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Over the long run, stock market returns are driven by a small number of exceptional companies. The progress of such companies is rarely smooth or linear. They have breakthroughs and they have setbacks. Sentiment in the market exaggerates the peaks and troughs, driving price volatility that is commonly mistaken for risk. When we believe we have identified an exceptional company that is pursuing a large opportunity, we look beyond this cycle of feast and famine. With a longer timeframe, such oscillations matter less and the picture of compounding growth becomes clearer. Many, if not most, investments won’t turn out as we hope. However, for the companies that do succeed, the returns are transformational and they have a disproportionate impact on the portfolio. This is why we approach our task with optimism. It is more important to identify the factors that will allow a company to prosper than to enumerate the potential pitfalls along the way. This approach has driven our long-run returns. Over five years Scottish Mortgage’s net asset value per share with debt at fair value (NAV) has increased by 340% versus a 96% increase in the FTSE All-World index (both in total return terms). Over 10 years it has increased by 674% against 191%. Six months of data is too short a period to infer much that is useful from stock prices. Since the end of March our NAV rose by 76% compared to a 24% increase in the index.
Whilst our focus is on the generation of long-term increases in capital values, we recognise that a small but consistent dividend is of value to many investors. The Board is therefore recommending an interim dividend of 1.45p, a modest increase to the previous year.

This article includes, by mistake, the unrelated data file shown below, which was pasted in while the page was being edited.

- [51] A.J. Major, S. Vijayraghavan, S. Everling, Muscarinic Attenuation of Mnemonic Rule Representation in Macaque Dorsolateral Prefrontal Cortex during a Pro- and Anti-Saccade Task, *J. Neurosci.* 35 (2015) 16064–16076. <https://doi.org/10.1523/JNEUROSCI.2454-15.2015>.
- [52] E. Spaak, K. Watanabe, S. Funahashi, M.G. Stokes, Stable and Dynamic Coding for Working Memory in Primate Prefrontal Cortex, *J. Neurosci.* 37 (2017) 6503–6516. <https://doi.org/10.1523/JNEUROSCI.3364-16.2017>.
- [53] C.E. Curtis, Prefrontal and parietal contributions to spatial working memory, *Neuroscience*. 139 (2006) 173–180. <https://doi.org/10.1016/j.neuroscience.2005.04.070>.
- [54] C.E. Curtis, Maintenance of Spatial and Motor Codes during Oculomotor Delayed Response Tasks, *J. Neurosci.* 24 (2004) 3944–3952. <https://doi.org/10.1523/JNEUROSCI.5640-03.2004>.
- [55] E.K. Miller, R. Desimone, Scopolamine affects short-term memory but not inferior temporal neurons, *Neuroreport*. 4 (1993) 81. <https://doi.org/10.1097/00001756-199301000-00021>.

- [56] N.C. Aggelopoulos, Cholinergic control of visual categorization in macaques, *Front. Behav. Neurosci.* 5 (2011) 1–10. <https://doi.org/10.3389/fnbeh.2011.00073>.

Looking at the recent period, we must avoid the temptation to match outcomes with easy or obvious explanations. The global pandemic has, for sure, had big short-term impacts but a company’s stock price incorporates an estimate of all future cashflows and is not simply a measure of relative success at this unusual time. The oddities of the pandemic will fade, some long-running shifts in our economy will have been accelerated and the stresses we have experienced will spark new waves of innovation. More importantly, several holdings have made considerable progress and we have greater clarity on both the size of opportunity and the companies’ ability to execute.
The increase in Tesla’s stock price and its dramatic impact on the Trust’s returns should be seen in context. Whilst the company and its colourful founder attract an unusually high degree of attention, emotion and noise, the underlying return picture is far from an aberration. Returns are concentrated in a handful of big winners. With far less drama, this has been the case for our holdings in both Amazon and Tencent over the past decade. Tesla’s success has been earned over a period of ownership extending back to 2013 and, as with most successful investments, we have endured large drawdowns in its stock price on the way to the current position.
Tesla has made significant operational progress. It has successfully added capacity and the production ramp of its latest model has progressed far more smoothly than for any of its previous vehicles. Demand for its products is strong and the response from its traditional competitors remains muted. It is still our largest holding even though we sold over 40% of our shares during the period (raising £1.18bn) to ensure that the portfolio has an appropriate level of diversification.
This picture of strong execution and greater clarity on the investment case is shared by a number of the portfolio’s other significant winners. Wayfair, the furniture retailer, has benefited from a surge in demand as people have spent more time at home and invested in upgrading their living environment. Whilst this may be a temporary, Covid-related phenomenon, the company has also moved decisively into profitability after an extended investment phase. The long-term profitability of Wayfair’s business model has been hotly debated and the demonstration of a clear ability to make money is much more important for the company’s value than a temporary spike in demand.